Suddenly, Gene was credible. He had ceased to be an ordinary useless manager and had become a creature of flesh and blood, someone whose opinions had some value. Gene was my boss, and I liked him for his warmth, honesty, and sense of humor. But I knew it had to be more than personality that won him respect in the eyes of that hard-bitten, cynical work force.

Looking back on his experience at the Philadelphia plant, Peace realized that his boss had succeeded in breaking through the hostility and distrust of an antagonistic workforce by making himself available and by being honest with them. He did not avoid their criticism but responded to it. By confronting them directly and opening himself to their criticism, he gained their respect. He could have easily had someone else deliver the hard message, but he decided to do it himself. This is what gained him the respect of the workforce.

It was this change that set the tone for much improved union-management relations at the plant, accompanied by a change in work rules and the treatment of employees. As a consequence, the financial performance of the division improved dramatically. The lessons that Peace draws from these experiences is that a manager must be open and sensitive to the criticisms of those with whom he deals. He calls this the soft management approach, which is not the same as being fainthearted and weak-kneed. On the contrary.

It takes a certain courage to be open-minded, well-informed and responsible, to walk straight into adversity rather than seek to avoid it . . . It's more productive to listen to objections and complaints, to understand what subordinates are thinking and feeling, to open up to their arguments and their displeasure .... Being vulnerable to the give-and-take of ordinary emotional crossfire and intellectual disagreement makes us more human, more credible, and more open to change.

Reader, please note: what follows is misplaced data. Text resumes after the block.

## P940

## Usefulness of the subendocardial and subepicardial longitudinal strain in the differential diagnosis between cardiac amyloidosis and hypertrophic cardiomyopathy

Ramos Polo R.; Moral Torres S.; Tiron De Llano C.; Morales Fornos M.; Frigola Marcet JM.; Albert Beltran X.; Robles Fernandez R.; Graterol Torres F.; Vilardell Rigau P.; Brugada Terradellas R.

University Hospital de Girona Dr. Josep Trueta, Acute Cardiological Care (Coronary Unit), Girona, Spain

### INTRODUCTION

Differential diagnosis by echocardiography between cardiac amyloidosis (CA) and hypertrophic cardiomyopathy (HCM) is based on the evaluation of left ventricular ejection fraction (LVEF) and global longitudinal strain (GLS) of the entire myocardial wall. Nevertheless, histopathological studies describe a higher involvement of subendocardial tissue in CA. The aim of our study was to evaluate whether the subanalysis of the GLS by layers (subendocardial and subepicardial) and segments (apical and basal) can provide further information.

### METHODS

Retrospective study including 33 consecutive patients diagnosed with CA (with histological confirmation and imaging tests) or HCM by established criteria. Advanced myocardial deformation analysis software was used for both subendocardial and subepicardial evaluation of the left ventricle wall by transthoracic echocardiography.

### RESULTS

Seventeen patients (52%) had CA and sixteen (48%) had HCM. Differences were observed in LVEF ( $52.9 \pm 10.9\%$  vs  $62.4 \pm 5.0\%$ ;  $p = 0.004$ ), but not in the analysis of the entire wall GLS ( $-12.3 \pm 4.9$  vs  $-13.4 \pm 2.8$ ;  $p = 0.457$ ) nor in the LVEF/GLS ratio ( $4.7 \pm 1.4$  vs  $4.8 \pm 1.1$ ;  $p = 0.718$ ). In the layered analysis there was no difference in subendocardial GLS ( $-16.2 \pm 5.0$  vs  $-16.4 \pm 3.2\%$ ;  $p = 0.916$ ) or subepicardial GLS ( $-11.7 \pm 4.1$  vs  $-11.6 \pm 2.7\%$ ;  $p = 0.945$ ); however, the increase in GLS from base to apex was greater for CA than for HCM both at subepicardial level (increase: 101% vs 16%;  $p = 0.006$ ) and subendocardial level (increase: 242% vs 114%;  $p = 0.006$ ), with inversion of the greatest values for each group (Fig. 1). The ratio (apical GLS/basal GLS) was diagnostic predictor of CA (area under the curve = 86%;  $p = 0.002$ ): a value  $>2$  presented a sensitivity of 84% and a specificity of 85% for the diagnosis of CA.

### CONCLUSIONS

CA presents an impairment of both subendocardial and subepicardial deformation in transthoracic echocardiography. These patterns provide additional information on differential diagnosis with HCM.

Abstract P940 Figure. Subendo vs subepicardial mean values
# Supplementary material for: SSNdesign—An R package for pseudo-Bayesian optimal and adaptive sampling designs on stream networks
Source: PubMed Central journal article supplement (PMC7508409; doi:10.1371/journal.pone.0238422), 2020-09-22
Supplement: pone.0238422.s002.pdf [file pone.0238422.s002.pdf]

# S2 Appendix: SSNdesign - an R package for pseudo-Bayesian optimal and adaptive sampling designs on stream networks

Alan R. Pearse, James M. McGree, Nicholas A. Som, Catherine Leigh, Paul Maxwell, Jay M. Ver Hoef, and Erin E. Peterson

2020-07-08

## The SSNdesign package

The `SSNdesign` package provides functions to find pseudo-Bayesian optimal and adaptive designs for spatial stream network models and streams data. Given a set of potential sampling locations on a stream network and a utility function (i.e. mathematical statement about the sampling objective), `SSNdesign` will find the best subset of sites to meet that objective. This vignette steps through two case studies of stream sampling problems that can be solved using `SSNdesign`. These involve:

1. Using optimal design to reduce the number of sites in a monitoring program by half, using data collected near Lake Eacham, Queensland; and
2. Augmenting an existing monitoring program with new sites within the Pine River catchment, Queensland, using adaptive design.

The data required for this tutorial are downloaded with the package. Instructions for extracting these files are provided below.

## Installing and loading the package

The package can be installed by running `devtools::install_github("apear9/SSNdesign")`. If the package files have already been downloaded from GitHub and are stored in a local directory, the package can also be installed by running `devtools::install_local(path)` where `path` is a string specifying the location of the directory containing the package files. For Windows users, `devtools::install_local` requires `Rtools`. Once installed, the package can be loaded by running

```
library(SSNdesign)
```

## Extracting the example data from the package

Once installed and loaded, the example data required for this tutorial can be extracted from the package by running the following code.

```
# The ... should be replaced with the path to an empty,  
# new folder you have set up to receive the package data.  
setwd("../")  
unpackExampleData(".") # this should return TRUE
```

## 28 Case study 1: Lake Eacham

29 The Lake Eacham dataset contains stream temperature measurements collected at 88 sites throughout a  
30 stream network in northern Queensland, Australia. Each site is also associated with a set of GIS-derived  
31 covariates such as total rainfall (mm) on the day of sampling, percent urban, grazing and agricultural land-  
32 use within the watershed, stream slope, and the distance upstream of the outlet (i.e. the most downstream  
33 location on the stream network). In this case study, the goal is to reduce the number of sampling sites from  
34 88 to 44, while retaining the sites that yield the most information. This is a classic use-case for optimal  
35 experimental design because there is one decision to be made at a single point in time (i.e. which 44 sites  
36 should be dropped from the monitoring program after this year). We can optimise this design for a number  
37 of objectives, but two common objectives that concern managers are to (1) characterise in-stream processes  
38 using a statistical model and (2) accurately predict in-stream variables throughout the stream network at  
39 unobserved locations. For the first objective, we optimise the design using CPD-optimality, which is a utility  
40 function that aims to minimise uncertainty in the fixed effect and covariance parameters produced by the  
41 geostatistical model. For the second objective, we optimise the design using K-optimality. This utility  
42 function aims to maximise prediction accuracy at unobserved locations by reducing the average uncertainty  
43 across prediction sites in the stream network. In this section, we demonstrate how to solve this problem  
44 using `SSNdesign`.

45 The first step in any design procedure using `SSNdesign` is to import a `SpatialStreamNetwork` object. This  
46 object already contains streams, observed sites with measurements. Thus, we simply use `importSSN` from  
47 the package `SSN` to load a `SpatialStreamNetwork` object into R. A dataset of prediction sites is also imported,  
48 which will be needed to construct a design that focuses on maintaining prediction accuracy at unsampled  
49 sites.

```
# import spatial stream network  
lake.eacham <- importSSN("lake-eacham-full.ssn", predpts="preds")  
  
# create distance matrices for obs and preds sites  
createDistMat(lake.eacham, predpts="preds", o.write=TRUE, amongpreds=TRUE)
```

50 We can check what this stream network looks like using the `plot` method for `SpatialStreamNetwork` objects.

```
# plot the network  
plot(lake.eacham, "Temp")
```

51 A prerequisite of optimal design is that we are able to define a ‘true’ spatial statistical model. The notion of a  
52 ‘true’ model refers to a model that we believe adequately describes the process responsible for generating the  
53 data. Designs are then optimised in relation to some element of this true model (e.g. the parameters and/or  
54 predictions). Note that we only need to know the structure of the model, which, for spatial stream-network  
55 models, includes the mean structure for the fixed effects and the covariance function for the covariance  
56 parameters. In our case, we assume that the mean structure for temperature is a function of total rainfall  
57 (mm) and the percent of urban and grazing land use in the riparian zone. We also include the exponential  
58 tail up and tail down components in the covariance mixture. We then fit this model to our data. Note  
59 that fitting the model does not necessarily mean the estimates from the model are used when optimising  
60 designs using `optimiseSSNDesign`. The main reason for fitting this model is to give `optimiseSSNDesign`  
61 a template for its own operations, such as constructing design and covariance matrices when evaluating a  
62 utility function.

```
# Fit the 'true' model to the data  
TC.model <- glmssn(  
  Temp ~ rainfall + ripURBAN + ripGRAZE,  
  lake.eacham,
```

It' s a message that deserves to be trumpeted from the roof tops. (See William H. Peace, "The Hard Work of Being a Soft Manager," Harvard Business Review, November-December 1991, pp. 40-47.)

Harry Antonides
Harry Antonides

Harry Antonides came to Canada in 1948, initially working as a farm hand and railway labourer. After over a decade working in a chemical plant in Sarnia, Ontario, Harry joined the newly forming Christian Labour Association of Canada (CLAC) in 1962 as a field representative. By 1970 Harry became director of research and education. In 1974, he was a founding member of the Work Research Foundation (now Cardus) and publisher of their sole publication, Comment magazine. A prolific writer and dynamic speaker, Harry delivered lectures all over North America and published numerous articles, reviews, and essays. He is author of several books on Christianity, labour, and economics, including Multinationals and the Peacable Kingdom (1978) and Stones for Bread: The Social Gospel and its Contemporary Legacy (1985). Harry is retired and lives with his wife Janet in Willowdale, Ontario.